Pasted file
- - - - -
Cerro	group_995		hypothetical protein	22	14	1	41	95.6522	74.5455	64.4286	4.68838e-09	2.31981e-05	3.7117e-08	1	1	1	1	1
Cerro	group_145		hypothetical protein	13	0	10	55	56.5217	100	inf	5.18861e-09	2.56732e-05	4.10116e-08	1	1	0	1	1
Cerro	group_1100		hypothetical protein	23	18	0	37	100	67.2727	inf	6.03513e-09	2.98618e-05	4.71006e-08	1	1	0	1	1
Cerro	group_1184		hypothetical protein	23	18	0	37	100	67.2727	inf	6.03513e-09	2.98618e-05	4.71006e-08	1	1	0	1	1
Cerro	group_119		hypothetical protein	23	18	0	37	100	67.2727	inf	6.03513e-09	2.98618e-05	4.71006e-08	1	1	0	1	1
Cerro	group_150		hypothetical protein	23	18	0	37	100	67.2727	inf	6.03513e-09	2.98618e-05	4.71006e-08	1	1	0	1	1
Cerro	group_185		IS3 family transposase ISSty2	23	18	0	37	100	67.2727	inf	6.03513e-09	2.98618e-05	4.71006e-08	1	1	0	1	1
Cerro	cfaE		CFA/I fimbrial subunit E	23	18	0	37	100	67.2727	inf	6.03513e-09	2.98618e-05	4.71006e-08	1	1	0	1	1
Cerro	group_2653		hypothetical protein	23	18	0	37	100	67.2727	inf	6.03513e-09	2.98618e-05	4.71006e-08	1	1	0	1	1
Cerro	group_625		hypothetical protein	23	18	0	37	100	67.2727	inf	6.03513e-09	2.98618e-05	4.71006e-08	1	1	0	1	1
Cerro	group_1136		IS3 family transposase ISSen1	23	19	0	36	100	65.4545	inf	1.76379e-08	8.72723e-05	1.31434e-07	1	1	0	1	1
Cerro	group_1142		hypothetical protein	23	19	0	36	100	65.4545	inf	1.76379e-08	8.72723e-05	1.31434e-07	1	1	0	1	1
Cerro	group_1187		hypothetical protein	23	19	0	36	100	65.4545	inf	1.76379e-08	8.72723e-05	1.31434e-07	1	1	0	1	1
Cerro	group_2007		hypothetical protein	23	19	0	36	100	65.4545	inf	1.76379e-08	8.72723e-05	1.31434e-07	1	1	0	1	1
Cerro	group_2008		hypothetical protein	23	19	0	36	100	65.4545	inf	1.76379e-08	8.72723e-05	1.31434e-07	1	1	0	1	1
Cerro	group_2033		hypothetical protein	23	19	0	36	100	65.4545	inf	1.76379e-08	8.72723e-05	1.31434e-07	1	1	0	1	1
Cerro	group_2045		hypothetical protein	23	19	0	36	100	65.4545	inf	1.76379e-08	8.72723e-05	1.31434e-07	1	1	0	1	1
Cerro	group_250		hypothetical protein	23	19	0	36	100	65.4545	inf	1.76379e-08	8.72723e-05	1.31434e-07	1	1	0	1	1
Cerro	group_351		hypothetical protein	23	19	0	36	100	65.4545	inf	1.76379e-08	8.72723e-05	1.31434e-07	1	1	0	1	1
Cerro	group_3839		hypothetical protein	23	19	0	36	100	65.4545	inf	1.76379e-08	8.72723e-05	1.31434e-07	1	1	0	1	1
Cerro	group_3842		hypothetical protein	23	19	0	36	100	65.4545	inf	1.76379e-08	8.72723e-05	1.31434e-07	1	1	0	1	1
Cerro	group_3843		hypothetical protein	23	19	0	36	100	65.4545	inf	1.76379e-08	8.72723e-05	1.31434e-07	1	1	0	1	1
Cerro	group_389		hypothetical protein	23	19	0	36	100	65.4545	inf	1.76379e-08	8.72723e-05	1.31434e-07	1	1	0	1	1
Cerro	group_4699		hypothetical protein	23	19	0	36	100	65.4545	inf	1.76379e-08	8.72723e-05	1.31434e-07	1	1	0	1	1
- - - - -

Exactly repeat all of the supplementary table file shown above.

Cerro	group_995		hypothetical protein	22	14	1	41	95.6522	74.5455	64.4286	4.68838e-09	2.31981e-05	3.7117e-08	1	1	1	1	1
Cerro	group_145		hypothetical protein	13	0	10	55	56.5217	100	inf	5.18861e-09	2.56732e-05	4.10116e-08	1	1	0	1	1
Cerro	group_1100		hypothetical protein	23	18	0	37	100	67.2727	inf	6.03513e-09	2.98618e-05	4.71006e-08	1	1	0	1	1
Cerro	group_1184		hypothetical protein	23	18	0	37	100	67.2727	inf	6.03513e-09	2.98618e-05	4.71006e-08	1	1	0	1	1
Cerro	group_119		hypothetical protein	23	18	0	37	100	67.2727	inf	6.03513e-09	2.98618e-05	4.71006e-08	1	1	0	1	1
Cerro	group_150		hypothetical protein	23	18	0	37	100	67.2727	inf	6.03513e-09	2.98618e-05	4.71006e-08	1	1	0	1	1
Cerro	group_185		IS3 family transposase ISSty2	23	18	0	37	100	67.2727	inf	6.03513e-09	2.98618e-05	4.71006e-08	1	1	0	1	1
Cerro	cfaE		CFA/I fimbrial subunit E	23	18	0	37	100	67.2727	inf	6.03513e-09	2.98618e-05	4.71006e-08	1	1	0	1	1
Cerro	group_2653		hypothetical protein	23	18	0	37	100	67.2727	inf	6.03513e-09	2.98618e-05	4.71006e-08	1	1	0	1	1
Cerro	group_625		hypothetical protein	23	18	0	37	100	67.2727	inf	6.03513e-09	2.98618e-05	4.71006e-08	1	1	0	1	1
Cerro	group_1136		IS3 family transposase ISSen1	23	19	0	36	100	65.4545	inf	1.76379e-08	8.72723e-05	1.31434e-07	1	1	0	1	1
Cerro	group_1142		hypothetical protein	23	19	0	36	100	65.4545	inf	1.76379e-08	8.72723e-05	1.31434e-07	1	1	0	1	1
Cerro	group_1187		hypothetical protein	23	19	0	36	100	65.4545	inf	1.76379e-08	8.72723e-05	1.31434e-07	1	1	0	1	1
Cerro	group_2007		hypothetical protein	23	19	0	36	100	65.4545	inf	1.76379e-08	8.72723e-05	1.31434e-07	1	1	0	1	1
Cerro	group_2008		hypothetical protein	23	19	0	36	100	65.4545	inf	1.76379e-08	8.72723e-05	1.31434e-07	1	1	0	1	1
Cerro	group_2033		hypothetical protein	23	19	0	36	100	65.4545	inf	1.76379e-08	8.72723e-05	1.31434e-07	1	1	0	1	1
Cerro	group_2045		hypothetical protein	23	19	0	36	100	65.4545	inf	1.76379e-08	8.72723e-05	1.31434e-07	1	1	0	1	1
Cerro	group_250		hypothetical protein	23	19	0	36	100	65.4545	inf	1.76379e-08	8.72723e-05	1.31434e-07	1	1	0	1	1
Cerro	group_351		hypothetical protein	23	19	0	36	100	65.4545	inf	1.76379e-08	8.72723e-05	1.31434e-07	1	1	0	1	1
Cerro	group_3839		hypothetical protein	23	19	0	36	100	65.4545	inf	1.76379e-08	8.72723e-05	1.31434e-07	1	1	0	1	1
Cerro	group_3842		hypothetical protein	23	19	0	36	100	65.4545	inf	1.76379e-08	8.72723e-05	1.31434e-07	1	1	0	1	1
Cerro	group_3843		hypothetical protein	23	19	0	36	100	65.4545	inf	1.76379e-08	8.72723e-05	1.31434e-07	1	1	0	1	1
Cerro	group_389		hypothetical protein	23	19	0	36	100	65.4545	inf	1.76379e-08	8.72723e-05	1.31434e-07	1	1	0	1	1
Cerro	group_4699		hypothetical protein	23	19	0	36	100	65.4545	inf	1.76379e-08	8.72723e-05	1.31434e-07	1	1	0	1	1